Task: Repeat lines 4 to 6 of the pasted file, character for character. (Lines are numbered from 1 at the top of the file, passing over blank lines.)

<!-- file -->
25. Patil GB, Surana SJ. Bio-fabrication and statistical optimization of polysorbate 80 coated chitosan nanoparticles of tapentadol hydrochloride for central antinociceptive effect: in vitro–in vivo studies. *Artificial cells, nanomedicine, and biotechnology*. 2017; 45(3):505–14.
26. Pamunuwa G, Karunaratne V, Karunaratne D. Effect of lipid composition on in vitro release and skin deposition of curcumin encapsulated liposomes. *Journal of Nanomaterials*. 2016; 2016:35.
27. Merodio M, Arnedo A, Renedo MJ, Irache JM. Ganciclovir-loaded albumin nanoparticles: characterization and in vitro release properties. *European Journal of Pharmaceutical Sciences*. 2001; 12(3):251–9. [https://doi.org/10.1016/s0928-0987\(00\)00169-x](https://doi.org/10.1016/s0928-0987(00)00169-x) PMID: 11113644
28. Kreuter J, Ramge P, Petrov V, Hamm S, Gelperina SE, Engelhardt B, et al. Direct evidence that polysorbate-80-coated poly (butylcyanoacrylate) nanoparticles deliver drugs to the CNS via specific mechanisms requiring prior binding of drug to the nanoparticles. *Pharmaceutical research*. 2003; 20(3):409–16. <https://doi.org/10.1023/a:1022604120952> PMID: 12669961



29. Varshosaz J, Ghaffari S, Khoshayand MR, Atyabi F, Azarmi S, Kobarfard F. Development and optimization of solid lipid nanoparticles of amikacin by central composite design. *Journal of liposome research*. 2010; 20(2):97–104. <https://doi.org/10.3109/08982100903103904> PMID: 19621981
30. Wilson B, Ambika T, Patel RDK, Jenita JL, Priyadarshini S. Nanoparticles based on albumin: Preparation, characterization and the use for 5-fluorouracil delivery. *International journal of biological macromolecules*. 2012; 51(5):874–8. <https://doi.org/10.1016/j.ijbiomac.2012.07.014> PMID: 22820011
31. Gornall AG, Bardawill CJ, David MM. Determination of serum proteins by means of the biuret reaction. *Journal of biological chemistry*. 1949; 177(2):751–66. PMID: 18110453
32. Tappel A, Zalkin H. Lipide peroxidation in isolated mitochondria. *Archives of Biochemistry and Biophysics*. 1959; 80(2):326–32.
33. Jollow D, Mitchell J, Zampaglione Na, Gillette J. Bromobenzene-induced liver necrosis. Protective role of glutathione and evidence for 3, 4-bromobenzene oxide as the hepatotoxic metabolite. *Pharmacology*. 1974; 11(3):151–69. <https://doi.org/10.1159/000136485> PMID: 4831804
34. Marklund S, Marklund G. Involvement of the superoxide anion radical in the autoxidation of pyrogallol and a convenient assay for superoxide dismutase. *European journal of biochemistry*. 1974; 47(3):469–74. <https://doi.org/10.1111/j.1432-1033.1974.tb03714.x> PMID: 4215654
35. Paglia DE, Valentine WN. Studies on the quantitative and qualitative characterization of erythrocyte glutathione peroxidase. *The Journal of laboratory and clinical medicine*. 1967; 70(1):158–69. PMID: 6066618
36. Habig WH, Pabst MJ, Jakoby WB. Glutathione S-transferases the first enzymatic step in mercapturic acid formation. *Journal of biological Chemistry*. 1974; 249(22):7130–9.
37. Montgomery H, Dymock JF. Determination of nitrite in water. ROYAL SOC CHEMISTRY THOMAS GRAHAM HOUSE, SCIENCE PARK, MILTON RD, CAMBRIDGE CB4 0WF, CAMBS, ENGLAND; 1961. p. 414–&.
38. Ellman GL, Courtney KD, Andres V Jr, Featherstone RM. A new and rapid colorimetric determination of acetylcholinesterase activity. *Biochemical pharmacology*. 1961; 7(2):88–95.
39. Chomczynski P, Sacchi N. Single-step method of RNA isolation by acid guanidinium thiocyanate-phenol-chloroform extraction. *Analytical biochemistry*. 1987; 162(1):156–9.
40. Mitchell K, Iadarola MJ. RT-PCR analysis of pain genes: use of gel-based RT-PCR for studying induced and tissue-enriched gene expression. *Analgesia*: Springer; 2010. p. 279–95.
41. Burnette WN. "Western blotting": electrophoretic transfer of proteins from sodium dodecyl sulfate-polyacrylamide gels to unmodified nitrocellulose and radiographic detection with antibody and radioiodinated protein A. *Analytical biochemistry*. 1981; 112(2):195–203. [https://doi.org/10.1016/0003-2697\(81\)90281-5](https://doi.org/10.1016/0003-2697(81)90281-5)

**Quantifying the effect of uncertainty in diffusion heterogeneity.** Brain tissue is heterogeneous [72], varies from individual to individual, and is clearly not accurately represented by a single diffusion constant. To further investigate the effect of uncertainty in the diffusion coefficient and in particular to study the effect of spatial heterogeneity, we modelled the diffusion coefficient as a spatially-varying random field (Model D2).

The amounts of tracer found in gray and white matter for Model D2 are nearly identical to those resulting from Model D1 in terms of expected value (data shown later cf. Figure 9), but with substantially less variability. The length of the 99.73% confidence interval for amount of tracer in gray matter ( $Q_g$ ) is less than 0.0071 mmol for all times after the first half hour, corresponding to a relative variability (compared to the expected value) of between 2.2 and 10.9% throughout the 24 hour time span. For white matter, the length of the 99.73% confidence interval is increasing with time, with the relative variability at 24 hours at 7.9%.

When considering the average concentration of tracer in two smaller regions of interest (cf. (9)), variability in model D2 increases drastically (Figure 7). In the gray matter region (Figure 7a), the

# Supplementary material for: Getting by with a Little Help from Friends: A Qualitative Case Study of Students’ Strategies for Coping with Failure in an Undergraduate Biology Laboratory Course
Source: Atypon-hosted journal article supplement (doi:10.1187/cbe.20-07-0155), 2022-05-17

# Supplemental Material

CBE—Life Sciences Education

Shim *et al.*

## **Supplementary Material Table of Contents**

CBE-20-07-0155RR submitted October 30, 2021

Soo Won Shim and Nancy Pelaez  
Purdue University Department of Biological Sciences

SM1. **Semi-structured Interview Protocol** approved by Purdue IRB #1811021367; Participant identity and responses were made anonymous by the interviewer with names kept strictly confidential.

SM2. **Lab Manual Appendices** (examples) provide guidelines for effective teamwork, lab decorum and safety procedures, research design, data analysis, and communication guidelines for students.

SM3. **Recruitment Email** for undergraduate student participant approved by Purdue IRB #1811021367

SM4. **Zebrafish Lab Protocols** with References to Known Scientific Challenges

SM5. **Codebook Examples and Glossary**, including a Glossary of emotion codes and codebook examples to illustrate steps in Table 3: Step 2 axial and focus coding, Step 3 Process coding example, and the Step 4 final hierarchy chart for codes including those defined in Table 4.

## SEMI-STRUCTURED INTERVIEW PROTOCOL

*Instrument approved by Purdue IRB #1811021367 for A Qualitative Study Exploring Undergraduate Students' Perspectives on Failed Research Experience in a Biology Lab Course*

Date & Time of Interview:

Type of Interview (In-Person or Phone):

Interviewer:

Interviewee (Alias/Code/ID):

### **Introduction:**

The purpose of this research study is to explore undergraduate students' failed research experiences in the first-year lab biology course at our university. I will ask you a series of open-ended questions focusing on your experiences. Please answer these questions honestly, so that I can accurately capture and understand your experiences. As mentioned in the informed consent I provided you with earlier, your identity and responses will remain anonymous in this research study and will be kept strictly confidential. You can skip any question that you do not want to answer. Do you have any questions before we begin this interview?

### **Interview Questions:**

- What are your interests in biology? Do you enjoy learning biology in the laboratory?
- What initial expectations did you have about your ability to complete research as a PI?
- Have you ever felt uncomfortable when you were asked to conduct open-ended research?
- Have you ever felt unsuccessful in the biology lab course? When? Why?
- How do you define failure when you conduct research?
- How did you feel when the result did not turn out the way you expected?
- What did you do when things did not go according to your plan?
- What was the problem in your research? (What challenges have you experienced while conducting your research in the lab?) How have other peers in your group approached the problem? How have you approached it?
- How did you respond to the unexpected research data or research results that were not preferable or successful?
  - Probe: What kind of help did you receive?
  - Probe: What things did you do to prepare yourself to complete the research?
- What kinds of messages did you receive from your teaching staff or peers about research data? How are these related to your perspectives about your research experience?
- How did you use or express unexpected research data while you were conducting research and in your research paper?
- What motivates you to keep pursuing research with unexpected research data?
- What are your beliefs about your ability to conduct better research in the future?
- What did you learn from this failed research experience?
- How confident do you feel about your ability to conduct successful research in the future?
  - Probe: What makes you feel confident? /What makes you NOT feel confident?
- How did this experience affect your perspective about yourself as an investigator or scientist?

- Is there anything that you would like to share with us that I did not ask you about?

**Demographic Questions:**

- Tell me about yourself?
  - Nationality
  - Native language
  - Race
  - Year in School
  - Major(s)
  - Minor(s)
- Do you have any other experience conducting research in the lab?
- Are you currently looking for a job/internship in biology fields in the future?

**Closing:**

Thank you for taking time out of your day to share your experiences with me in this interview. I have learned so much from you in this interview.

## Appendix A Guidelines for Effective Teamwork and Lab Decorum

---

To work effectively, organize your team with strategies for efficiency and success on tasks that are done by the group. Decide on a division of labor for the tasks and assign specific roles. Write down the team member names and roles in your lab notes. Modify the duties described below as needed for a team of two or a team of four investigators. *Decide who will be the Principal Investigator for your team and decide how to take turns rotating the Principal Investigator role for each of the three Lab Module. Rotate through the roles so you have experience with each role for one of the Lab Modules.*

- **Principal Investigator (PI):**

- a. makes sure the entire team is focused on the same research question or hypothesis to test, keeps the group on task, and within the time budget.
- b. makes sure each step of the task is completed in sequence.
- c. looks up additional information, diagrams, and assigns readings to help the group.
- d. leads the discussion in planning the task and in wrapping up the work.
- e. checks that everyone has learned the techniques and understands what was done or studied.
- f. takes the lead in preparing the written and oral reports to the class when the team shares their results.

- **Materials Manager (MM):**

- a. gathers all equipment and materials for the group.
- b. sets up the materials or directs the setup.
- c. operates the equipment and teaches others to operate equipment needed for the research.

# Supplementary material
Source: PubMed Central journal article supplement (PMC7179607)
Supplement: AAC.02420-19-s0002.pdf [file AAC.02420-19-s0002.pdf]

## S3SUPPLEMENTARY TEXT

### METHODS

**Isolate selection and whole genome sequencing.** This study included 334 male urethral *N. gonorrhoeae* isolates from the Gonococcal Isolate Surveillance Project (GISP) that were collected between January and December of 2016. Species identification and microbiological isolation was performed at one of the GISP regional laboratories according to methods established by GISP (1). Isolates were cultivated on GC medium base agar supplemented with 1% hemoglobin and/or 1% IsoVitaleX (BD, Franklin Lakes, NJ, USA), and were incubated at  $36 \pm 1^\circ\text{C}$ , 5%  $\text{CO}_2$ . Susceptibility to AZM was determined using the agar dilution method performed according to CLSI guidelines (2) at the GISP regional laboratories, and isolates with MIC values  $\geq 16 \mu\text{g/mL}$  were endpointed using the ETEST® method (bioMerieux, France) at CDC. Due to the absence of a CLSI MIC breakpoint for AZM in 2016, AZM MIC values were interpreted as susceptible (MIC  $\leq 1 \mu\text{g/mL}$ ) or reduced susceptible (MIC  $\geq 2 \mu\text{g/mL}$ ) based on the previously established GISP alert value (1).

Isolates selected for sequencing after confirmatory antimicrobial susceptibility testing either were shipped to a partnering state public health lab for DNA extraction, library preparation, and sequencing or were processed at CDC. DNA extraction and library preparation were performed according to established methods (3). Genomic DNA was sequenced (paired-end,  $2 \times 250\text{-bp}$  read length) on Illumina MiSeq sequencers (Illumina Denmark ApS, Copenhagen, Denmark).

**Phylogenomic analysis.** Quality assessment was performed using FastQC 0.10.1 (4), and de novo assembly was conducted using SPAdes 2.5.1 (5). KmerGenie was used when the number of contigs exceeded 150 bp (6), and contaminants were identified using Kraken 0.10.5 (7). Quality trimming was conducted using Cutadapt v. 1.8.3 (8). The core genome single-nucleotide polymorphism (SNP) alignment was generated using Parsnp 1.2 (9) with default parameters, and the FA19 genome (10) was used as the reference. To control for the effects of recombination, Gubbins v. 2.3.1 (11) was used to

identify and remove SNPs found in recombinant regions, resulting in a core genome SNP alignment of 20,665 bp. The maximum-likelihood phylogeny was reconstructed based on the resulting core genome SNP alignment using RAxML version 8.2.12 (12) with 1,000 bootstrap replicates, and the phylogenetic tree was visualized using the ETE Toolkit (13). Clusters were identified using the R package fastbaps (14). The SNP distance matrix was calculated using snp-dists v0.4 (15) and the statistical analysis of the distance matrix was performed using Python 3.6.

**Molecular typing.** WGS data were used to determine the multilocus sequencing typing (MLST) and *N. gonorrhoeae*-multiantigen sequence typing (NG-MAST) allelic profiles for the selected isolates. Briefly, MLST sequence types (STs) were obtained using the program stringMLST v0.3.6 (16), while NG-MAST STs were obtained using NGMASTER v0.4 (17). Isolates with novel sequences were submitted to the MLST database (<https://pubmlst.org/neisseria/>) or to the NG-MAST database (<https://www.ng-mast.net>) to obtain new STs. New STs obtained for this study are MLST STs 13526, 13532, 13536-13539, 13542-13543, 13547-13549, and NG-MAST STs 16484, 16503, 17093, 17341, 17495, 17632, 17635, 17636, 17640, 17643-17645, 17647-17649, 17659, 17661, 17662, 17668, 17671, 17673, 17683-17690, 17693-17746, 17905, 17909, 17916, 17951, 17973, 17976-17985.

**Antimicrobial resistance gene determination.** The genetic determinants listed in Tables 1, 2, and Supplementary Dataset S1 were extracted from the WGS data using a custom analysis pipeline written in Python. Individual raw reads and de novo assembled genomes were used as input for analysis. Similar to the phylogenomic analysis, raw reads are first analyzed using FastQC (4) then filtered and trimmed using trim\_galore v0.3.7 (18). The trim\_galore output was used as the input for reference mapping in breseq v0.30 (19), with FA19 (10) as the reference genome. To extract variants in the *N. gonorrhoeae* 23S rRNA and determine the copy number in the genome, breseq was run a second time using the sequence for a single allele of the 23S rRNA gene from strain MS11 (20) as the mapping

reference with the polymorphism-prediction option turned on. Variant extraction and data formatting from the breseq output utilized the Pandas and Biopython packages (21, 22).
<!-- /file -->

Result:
28. Kreuter J, Ramge P, Petrov V, Hamm S, Gelperina SE, Engelhardt B, et al. Direct evidence that polysorbate-80-coated poly (butylcyanoacrylate) nanoparticles deliver drugs to the CNS via specific mechanisms requiring prior binding of drug to the nanoparticles. *Pharmaceutical research*. 2003; 20(3):409–16. <https://doi.org/10.1023/a:1022604120952> PMID: 12669961



29. Varshosaz J, Ghaffari S, Khoshayand MR, Atyabi F, Azarmi S, Kobarfard F. Development and optimization of solid lipid nanoparticles of amikacin by central composite design. *Journal of liposome research*. 2010; 20(2):97–104. <https://doi.org/10.3109/08982100903103904> PMID: 19621981
30. Wilson B, Ambika T, Patel RDK, Jenita JL, Priyadarshini S. Nanoparticles based on albumin: Preparation, characterization and the use for 5-fluorouracil delivery. *International journal of biological macromolecules*. 2012; 51(5):874–8. <https://doi.org/10.1016/j.ijbiomac.2012.07.014> PMID: 22820011